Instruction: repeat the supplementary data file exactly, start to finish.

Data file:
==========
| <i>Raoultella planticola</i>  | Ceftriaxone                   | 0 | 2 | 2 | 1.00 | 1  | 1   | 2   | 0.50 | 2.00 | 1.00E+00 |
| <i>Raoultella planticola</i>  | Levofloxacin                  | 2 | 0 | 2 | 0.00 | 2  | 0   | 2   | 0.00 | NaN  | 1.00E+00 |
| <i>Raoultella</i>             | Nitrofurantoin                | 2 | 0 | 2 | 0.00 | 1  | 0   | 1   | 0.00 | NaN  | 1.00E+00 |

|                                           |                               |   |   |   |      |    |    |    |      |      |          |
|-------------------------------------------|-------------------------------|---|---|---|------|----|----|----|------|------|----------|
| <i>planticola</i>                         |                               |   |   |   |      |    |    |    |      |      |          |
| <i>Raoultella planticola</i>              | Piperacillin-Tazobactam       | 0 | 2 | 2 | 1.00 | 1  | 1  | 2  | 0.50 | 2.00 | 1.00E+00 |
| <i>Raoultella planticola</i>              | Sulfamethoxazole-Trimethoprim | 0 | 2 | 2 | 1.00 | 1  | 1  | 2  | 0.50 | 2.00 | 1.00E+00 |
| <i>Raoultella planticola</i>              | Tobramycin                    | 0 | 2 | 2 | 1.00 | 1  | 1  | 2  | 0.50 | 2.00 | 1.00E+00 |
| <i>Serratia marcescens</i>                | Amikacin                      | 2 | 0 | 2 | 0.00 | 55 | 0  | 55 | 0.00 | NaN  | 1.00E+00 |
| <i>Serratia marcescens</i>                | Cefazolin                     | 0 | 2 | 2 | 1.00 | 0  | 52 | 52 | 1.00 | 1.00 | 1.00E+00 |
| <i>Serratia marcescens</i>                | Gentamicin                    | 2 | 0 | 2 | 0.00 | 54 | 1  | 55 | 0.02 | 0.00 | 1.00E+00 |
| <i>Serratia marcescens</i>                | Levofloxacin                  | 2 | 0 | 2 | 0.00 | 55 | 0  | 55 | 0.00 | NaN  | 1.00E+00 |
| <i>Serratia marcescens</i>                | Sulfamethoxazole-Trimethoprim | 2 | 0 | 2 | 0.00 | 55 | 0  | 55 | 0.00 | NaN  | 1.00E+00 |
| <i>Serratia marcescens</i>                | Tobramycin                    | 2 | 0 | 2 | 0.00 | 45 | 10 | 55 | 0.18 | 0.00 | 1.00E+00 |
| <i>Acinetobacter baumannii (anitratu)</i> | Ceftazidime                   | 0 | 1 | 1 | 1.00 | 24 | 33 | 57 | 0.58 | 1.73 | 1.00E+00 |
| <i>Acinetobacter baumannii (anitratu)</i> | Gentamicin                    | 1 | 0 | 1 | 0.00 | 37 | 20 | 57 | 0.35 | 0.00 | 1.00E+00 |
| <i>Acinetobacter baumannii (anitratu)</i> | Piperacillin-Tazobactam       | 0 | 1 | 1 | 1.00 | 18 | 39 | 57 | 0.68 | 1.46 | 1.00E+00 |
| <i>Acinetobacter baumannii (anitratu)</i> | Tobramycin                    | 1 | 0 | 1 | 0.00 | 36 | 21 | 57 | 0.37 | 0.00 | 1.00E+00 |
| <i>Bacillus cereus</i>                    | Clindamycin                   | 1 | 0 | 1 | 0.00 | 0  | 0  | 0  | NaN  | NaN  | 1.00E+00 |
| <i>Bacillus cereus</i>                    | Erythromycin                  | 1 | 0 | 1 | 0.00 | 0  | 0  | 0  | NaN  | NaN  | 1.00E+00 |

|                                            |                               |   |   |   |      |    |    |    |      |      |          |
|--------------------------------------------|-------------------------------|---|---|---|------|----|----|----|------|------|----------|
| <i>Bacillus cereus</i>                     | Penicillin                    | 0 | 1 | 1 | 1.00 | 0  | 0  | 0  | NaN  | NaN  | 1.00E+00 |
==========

| <i>Raoultella planticola</i>  | Ceftriaxone                   | 0 | 2 | 2 | 1.00 | 1  | 1   | 2   | 0.50 | 2.00 | 1.00E+00 |
| <i>Raoultella planticola</i>  | Levofloxacin                  | 2 | 0 | 2 | 0.00 | 2  | 0   | 2   | 0.00 | NaN  | 1.00E+00 |
| <i>Raoultella</i>             | Nitrofurantoin                | 2 | 0 | 2 | 0.00 | 1  | 0   | 1   | 0.00 | NaN  | 1.00E+00 |

|                                           |                               |   |   |   |      |    |    |    |      |      |          |
|-------------------------------------------|-------------------------------|---|---|---|------|----|----|----|------|------|----------|
| <i>planticola</i>                         |                               |   |   |   |      |    |    |    |      |      |          |
| <i>Raoultella planticola</i>              | Piperacillin-Tazobactam       | 0 | 2 | 2 | 1.00 | 1  | 1  | 2  | 0.50 | 2.00 | 1.00E+00 |
| <i>Raoultella planticola</i>              | Sulfamethoxazole-Trimethoprim | 0 | 2 | 2 | 1.00 | 1  | 1  | 2  | 0.50 | 2.00 | 1.00E+00 |
| <i>Raoultella planticola</i>              | Tobramycin                    | 0 | 2 | 2 | 1.00 | 1  | 1  | 2  | 0.50 | 2.00 | 1.00E+00 |
| <i>Serratia marcescens</i>                | Amikacin                      | 2 | 0 | 2 | 0.00 | 55 | 0  | 55 | 0.00 | NaN  | 1.00E+00 |
| <i>Serratia marcescens</i>                | Cefazolin                     | 0 | 2 | 2 | 1.00 | 0  | 52 | 52 | 1.00 | 1.00 | 1.00E+00 |
| <i>Serratia marcescens</i>                | Gentamicin                    | 2 | 0 | 2 | 0.00 | 54 | 1  | 55 | 0.02 | 0.00 | 1.00E+00 |
| <i>Serratia marcescens</i>                | Levofloxacin                  | 2 | 0 | 2 | 0.00 | 55 | 0  | 55 | 0.00 | NaN  | 1.00E+00 |
| <i>Serratia marcescens</i>                | Sulfamethoxazole-Trimethoprim | 2 | 0 | 2 | 0.00 | 55 | 0  | 55 | 0.00 | NaN  | 1.00E+00 |
| <i>Serratia marcescens</i>                | Tobramycin                    | 2 | 0 | 2 | 0.00 | 45 | 10 | 55 | 0.18 | 0.00 | 1.00E+00 |
| <i>Acinetobacter baumannii (anitratu)</i> | Ceftazidime                   | 0 | 1 | 1 | 1.00 | 24 | 33 | 57 | 0.58 | 1.73 | 1.00E+00 |
| <i>Acinetobacter baumannii (anitratu)</i> | Gentamicin                    | 1 | 0 | 1 | 0.00 | 37 | 20 | 57 | 0.35 | 0.00 | 1.00E+00 |
| <i>Acinetobacter baumannii (anitratu)</i> | Piperacillin-Tazobactam       | 0 | 1 | 1 | 1.00 | 18 | 39 | 57 | 0.68 | 1.46 | 1.00E+00 |
| <i>Acinetobacter baumannii (anitratu)</i> | Tobramycin                    | 1 | 0 | 1 | 0.00 | 36 | 21 | 57 | 0.37 | 0.00 | 1.00E+00 |
| <i>Bacillus cereus</i>                    | Clindamycin                   | 1 | 0 | 1 | 0.00 | 0  | 0  | 0  | NaN  | NaN  | 1.00E+00 |
| <i>Bacillus cereus</i>                    | Erythromycin                  | 1 | 0 | 1 | 0.00 | 0  | 0  | 0  | NaN  | NaN  | 1.00E+00 |

|                                            |                               |   |   |   |      |    |    |    |      |      |          |
|--------------------------------------------|-------------------------------|---|---|---|------|----|----|----|------|------|----------|
| <i>Bacillus cereus</i>                     | Penicillin                    | 0 | 1 | 1 | 1.00 | 0  | 0  | 0  | NaN  | NaN  | 1.00E+00 |